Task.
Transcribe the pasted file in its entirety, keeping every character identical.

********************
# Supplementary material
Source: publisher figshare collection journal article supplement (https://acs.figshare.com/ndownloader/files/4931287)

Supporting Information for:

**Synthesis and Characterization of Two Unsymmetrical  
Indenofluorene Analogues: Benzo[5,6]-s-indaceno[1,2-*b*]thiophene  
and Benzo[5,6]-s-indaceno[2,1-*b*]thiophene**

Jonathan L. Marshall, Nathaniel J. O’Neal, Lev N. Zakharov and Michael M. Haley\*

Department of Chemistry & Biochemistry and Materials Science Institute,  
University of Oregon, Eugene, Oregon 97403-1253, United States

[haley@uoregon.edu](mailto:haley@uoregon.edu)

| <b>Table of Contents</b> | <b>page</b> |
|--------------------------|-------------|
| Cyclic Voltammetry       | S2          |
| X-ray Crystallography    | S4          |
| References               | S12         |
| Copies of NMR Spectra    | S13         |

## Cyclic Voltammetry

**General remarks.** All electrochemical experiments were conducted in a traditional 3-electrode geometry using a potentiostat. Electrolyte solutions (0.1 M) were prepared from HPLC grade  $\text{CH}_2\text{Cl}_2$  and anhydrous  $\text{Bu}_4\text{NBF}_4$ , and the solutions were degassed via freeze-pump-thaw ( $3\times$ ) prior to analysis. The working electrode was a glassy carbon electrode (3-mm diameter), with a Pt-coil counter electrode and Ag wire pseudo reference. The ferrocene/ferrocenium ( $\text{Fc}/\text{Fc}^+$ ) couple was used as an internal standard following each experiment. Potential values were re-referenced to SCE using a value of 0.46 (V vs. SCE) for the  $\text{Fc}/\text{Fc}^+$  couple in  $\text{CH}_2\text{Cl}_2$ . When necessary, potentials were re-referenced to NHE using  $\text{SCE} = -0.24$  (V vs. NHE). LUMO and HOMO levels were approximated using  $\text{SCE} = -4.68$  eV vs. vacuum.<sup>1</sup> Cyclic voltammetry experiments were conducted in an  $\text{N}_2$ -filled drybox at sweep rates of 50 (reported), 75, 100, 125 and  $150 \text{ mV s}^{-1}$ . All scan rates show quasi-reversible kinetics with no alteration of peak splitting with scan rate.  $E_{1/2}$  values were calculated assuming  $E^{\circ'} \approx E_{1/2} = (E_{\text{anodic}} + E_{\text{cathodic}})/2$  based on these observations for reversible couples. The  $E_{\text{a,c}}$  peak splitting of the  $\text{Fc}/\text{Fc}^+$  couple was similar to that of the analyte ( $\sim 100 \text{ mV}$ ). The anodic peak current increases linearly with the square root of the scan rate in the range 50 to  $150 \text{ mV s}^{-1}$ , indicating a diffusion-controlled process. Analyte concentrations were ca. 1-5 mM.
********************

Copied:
# Supplementary material
Source: publisher figshare collection journal article supplement (https://acs.figshare.com/ndownloader/files/4931287)

Supporting Information for:

**Synthesis and Characterization of Two Unsymmetrical  
Indenofluorene Analogues: Benzo[5,6]-s-indaceno[1,2-*b*]thiophene  
and Benzo[5,6]-s-indaceno[2,1-*b*]thiophene**

Jonathan L. Marshall, Nathaniel J. O’Neal, Lev N. Zakharov and Michael M. Haley\*

Department of Chemistry & Biochemistry and Materials Science Institute,  
University of Oregon, Eugene, Oregon 97403-1253, United States

[haley@uoregon.edu](mailto:haley@uoregon.edu)

| <b>Table of Contents</b> | <b>page</b> |
|--------------------------|-------------|
| Cyclic Voltammetry       | S2          |
| X-ray Crystallography    | S4          |
| References               | S12         |
| Copies of NMR Spectra    | S13         |

## Cyclic Voltammetry

**General remarks.** All electrochemical experiments were conducted in a traditional 3-electrode geometry using a potentiostat. Electrolyte solutions (0.1 M) were prepared from HPLC grade  $\text{CH}_2\text{Cl}_2$  and anhydrous  $\text{Bu}_4\text{NBF}_4$ , and the solutions were degassed via freeze-pump-thaw ( $3\times$ ) prior to analysis. The working electrode was a glassy carbon electrode (3-mm diameter), with a Pt-coil counter electrode and Ag wire pseudo reference. The ferrocene/ferrocenium ( $\text{Fc}/\text{Fc}^+$ ) couple was used as an internal standard following each experiment. Potential values were re-referenced to SCE using a value of 0.46 (V vs. SCE) for the  $\text{Fc}/\text{Fc}^+$  couple in  $\text{CH}_2\text{Cl}_2$ . When necessary, potentials were re-referenced to NHE using  $\text{SCE} = -0.24$  (V vs. NHE). LUMO and HOMO levels were approximated using  $\text{SCE} = -4.68$  eV vs. vacuum.<sup>1</sup> Cyclic voltammetry experiments were conducted in an  $\text{N}_2$ -filled drybox at sweep rates of 50 (reported), 75, 100, 125 and  $150 \text{ mV s}^{-1}$ . All scan rates show quasi-reversible kinetics with no alteration of peak splitting with scan rate.  $E_{1/2}$  values were calculated assuming  $E^{\circ'} \approx E_{1/2} = (E_{\text{anodic}} + E_{\text{cathodic}})/2$  based on these observations for reversible couples. The  $E_{\text{a,c}}$  peak splitting of the  $\text{Fc}/\text{Fc}^+$  couple was similar to that of the analyte ( $\sim 100 \text{ mV}$ ). The anodic peak current increases linearly with the square root of the scan rate in the range 50 to  $150 \text{ mV s}^{-1}$ , indicating a diffusion-controlled process. Analyte concentrations were ca. 1-5 mM.